Molotov-Ribbentrop Pact of 1939

However the story is not complete, with the tale of Russia defeating Germany, a tale which starts in the summer of 1941. The actual tale started way before it. Stalinism weakened the Popular Front of international workers, thus setting away hindrances from the way of rising fascist both in Italy and in Germany. Stalin’s ideological twist of “social-fascism”, a theory according to which social democrats are the allies of fascist and the downgrading of international worker cooperation weakened resistance in the most crucial minutes.[3] The USSR aided Republican Spain against fascism, but later Stalin just brokered a deal with Hitler, in the hope of a big jackpot. In 1939 USSR made an infamous pact with Hitler’s Reich, the Molotov-Ribbentrop pact. In this treaty the Soviets and the Germans pledged neutrality in case any of them fights with the French-British alliance, and in a secret part of the pact, they divided the Baltic region and much of Eastern-Europe between themselves. „Contrary to the impression Soviet diplomats wanted to create, the Molotov-Ribbentrop pact was more than a nonaggression treaty; Germany and the Soviet Union became de facto allies. Remarkably, as long as the Soviet Union lasted, Soviet spokesmen and historians denied that there was such a protocol despite all the available evidence.” [4] wrote Peter Kenez, a researcher of Soviet Union’s history.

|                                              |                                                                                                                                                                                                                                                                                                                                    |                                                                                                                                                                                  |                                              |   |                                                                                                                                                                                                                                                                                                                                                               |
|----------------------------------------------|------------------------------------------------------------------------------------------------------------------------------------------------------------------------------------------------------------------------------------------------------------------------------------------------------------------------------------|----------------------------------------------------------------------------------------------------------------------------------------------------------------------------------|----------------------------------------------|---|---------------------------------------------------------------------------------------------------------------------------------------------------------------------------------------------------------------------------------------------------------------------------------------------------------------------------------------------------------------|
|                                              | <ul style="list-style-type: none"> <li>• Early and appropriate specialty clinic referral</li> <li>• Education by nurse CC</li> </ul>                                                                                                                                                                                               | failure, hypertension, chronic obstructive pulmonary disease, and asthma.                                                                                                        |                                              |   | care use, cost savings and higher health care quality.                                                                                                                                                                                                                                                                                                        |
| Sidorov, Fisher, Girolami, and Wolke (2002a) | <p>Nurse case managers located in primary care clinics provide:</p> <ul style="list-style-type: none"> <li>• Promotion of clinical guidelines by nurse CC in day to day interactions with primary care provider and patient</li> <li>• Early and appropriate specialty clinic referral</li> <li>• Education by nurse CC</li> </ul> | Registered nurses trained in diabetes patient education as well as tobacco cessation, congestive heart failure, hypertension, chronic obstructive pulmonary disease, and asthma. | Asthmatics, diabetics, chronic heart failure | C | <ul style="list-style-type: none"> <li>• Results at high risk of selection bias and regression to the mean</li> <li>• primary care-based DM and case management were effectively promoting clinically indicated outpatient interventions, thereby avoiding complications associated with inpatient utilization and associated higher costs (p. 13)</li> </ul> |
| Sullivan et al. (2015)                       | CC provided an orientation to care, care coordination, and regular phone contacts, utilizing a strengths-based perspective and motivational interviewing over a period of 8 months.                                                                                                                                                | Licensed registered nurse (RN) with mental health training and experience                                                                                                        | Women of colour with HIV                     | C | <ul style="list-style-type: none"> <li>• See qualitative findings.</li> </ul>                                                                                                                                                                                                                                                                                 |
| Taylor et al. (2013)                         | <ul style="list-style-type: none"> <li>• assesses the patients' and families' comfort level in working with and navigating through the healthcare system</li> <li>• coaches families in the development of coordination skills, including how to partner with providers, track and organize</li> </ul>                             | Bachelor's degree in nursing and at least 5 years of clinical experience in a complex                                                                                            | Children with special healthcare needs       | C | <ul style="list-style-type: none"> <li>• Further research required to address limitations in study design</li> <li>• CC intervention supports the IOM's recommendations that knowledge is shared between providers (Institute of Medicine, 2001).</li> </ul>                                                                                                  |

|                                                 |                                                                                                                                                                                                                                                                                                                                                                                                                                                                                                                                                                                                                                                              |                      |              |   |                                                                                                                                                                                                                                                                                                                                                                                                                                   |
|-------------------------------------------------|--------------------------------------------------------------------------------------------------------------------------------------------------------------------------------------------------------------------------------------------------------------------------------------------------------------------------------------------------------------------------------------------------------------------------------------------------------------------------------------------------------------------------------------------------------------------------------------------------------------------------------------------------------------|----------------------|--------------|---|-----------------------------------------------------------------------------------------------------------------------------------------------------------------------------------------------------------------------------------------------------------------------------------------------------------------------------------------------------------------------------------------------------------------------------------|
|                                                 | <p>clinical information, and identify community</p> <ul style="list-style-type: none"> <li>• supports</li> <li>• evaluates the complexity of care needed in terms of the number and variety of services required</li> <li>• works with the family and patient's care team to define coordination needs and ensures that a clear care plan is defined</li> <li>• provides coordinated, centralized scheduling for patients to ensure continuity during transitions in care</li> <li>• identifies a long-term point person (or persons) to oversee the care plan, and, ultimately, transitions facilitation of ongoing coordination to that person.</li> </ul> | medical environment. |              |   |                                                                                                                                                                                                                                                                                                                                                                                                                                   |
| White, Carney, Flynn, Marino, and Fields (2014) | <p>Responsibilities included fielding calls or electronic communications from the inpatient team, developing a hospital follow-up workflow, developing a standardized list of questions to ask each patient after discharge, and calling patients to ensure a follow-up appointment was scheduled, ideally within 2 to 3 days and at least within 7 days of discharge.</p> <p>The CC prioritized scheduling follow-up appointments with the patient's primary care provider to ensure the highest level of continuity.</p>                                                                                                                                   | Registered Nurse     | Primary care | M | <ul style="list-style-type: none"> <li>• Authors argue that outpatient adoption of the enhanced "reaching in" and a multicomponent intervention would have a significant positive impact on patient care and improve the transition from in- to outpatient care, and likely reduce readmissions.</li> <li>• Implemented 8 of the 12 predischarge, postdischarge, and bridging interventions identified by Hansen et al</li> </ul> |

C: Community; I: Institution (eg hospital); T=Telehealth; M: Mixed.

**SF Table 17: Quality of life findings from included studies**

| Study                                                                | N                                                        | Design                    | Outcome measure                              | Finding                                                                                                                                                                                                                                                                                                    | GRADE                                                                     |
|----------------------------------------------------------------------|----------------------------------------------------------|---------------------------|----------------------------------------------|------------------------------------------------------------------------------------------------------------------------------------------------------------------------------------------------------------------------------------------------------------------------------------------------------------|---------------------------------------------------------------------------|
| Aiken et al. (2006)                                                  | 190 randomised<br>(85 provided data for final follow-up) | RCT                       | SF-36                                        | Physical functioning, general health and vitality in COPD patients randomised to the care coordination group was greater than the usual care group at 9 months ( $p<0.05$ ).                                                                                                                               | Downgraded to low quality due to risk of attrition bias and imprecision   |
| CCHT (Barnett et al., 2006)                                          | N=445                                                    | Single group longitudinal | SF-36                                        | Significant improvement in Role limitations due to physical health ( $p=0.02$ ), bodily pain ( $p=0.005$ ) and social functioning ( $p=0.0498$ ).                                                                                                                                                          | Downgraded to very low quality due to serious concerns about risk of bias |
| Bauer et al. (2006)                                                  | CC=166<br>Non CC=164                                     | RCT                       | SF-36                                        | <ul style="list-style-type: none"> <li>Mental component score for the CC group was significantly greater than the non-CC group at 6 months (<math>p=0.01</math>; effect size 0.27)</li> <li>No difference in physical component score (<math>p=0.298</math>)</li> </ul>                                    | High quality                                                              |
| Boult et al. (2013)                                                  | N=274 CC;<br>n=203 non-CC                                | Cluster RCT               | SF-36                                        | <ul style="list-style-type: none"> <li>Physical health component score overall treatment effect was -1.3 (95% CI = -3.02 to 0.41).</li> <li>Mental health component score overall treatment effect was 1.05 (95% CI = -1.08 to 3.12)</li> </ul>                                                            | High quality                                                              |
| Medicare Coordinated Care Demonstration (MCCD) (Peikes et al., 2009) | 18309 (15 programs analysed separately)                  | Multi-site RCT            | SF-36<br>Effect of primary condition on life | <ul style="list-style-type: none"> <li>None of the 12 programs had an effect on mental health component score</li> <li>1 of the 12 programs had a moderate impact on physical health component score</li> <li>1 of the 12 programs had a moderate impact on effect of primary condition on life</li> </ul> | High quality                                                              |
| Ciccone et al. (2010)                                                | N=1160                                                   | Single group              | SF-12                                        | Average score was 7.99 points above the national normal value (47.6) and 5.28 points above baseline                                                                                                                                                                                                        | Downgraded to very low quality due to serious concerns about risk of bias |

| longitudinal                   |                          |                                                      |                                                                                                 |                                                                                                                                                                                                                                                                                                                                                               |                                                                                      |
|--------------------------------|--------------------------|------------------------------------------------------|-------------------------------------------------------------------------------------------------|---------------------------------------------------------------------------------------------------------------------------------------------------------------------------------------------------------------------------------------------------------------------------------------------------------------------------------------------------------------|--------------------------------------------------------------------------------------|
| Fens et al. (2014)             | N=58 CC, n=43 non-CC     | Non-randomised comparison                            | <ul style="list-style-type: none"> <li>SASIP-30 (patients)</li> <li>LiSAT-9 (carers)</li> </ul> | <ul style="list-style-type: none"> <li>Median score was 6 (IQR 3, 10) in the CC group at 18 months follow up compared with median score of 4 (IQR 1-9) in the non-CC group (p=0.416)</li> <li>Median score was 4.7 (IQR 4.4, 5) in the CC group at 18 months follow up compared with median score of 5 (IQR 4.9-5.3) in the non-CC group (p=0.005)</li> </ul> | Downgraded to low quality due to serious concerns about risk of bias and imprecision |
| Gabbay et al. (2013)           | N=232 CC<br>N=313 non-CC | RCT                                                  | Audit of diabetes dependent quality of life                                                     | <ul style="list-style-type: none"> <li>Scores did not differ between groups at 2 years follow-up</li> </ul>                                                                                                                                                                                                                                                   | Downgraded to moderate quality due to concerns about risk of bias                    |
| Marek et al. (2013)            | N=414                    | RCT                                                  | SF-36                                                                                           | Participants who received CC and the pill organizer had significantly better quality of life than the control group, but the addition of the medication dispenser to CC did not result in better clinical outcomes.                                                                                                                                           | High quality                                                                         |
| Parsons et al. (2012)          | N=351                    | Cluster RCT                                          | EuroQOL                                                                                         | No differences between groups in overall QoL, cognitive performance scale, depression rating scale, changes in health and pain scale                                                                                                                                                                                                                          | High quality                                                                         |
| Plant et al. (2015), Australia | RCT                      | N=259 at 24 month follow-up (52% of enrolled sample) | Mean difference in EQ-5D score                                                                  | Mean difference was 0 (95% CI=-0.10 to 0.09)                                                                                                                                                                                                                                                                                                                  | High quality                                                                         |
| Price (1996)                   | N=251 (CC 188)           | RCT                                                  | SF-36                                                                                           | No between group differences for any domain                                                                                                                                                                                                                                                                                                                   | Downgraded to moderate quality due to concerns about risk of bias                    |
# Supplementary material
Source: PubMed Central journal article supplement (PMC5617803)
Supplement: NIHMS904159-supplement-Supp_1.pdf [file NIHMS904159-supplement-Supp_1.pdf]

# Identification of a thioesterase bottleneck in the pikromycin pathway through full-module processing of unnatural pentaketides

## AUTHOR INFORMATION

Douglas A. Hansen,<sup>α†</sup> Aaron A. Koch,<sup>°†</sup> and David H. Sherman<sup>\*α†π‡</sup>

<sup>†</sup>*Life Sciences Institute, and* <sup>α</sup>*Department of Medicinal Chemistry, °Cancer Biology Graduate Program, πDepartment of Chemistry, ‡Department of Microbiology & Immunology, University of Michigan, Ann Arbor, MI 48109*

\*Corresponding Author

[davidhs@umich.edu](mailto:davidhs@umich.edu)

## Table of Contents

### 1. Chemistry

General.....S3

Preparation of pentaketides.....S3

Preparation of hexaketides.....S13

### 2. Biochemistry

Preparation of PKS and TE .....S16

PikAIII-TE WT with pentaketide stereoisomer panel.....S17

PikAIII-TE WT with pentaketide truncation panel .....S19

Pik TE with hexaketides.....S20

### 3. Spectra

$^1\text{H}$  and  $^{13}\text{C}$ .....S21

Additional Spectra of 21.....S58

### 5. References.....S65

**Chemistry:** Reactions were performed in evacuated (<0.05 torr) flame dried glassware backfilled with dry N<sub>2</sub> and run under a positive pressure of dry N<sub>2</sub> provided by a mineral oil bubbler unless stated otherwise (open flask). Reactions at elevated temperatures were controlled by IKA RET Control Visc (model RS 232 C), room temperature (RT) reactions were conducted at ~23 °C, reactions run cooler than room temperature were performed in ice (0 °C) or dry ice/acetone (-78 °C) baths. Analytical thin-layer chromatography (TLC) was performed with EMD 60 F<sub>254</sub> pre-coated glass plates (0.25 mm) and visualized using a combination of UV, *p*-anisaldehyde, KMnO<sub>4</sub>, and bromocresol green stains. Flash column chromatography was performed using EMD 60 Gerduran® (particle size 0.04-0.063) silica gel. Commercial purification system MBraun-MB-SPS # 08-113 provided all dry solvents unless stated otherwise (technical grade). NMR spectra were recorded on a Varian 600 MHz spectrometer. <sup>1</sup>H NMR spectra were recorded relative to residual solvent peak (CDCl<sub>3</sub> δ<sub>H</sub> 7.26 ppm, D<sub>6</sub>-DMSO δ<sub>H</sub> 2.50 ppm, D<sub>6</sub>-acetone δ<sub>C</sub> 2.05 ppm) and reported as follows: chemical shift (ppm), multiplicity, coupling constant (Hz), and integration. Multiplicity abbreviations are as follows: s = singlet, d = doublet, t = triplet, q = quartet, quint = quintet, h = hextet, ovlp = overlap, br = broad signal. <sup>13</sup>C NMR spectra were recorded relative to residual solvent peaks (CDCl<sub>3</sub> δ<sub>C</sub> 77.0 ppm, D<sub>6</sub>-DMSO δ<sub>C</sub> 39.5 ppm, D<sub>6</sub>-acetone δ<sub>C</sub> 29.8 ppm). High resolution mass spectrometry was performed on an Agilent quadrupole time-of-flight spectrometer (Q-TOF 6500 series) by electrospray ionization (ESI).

Anti-Nazi Soviet Red Army Propaganda  Poster during World War II
Russia wanted to extend its powers sphere to Poland, Finland, Latvia, Romania, getting large parts of these countries (liker Bessarabia) or the entire country. In much cases historical reasons like old territorial claims did not justify these plans. According to Kissinger, this pact was the final deal of ‘Stalin’s bazaar’ in which he manipulated Western powers and Germans into offering him more and more for his neutrality or active cooperation. Kissinger states, that once Germany determined to get Stalin’s neutrality for the short time, the Western powers could only lose this game.[5] Of course, Stalin’s power and profit game was in many ways a continuation of Lenin’s foreign policy, which considered both the former Entente and Central powers as imperialists of the same ilk, fighting for world domination, as a result of capitalism entering into its final, imperialistic-‘finance capitalistic’ phase.

But the Soviets should have realized earlier that Hitler's Germany is no more one of the contending great powers, it is a top player, and a quite dangerous one. Hitler made it clear that fighting Bolshevism is his top priority. Not just with various utterances, (like in Mein Kampf) or his speech in the Reichstag on 30th January, 1937[6], but his entire ideology was built on anti-Bolshevism. Also the Anti-Comintern pact in 1936 clearly determined the route of German efforts in foreign policy.“Fascism is a matter of taste.”-said Molotov at the time of the pact with Hitler, cynically presenting the new tactical twist of Stalinism, and thereby revealed his moral stance on pretty much everything. Foreign policy is surely a nasty business, but this time such cynicism did not go unrewarded.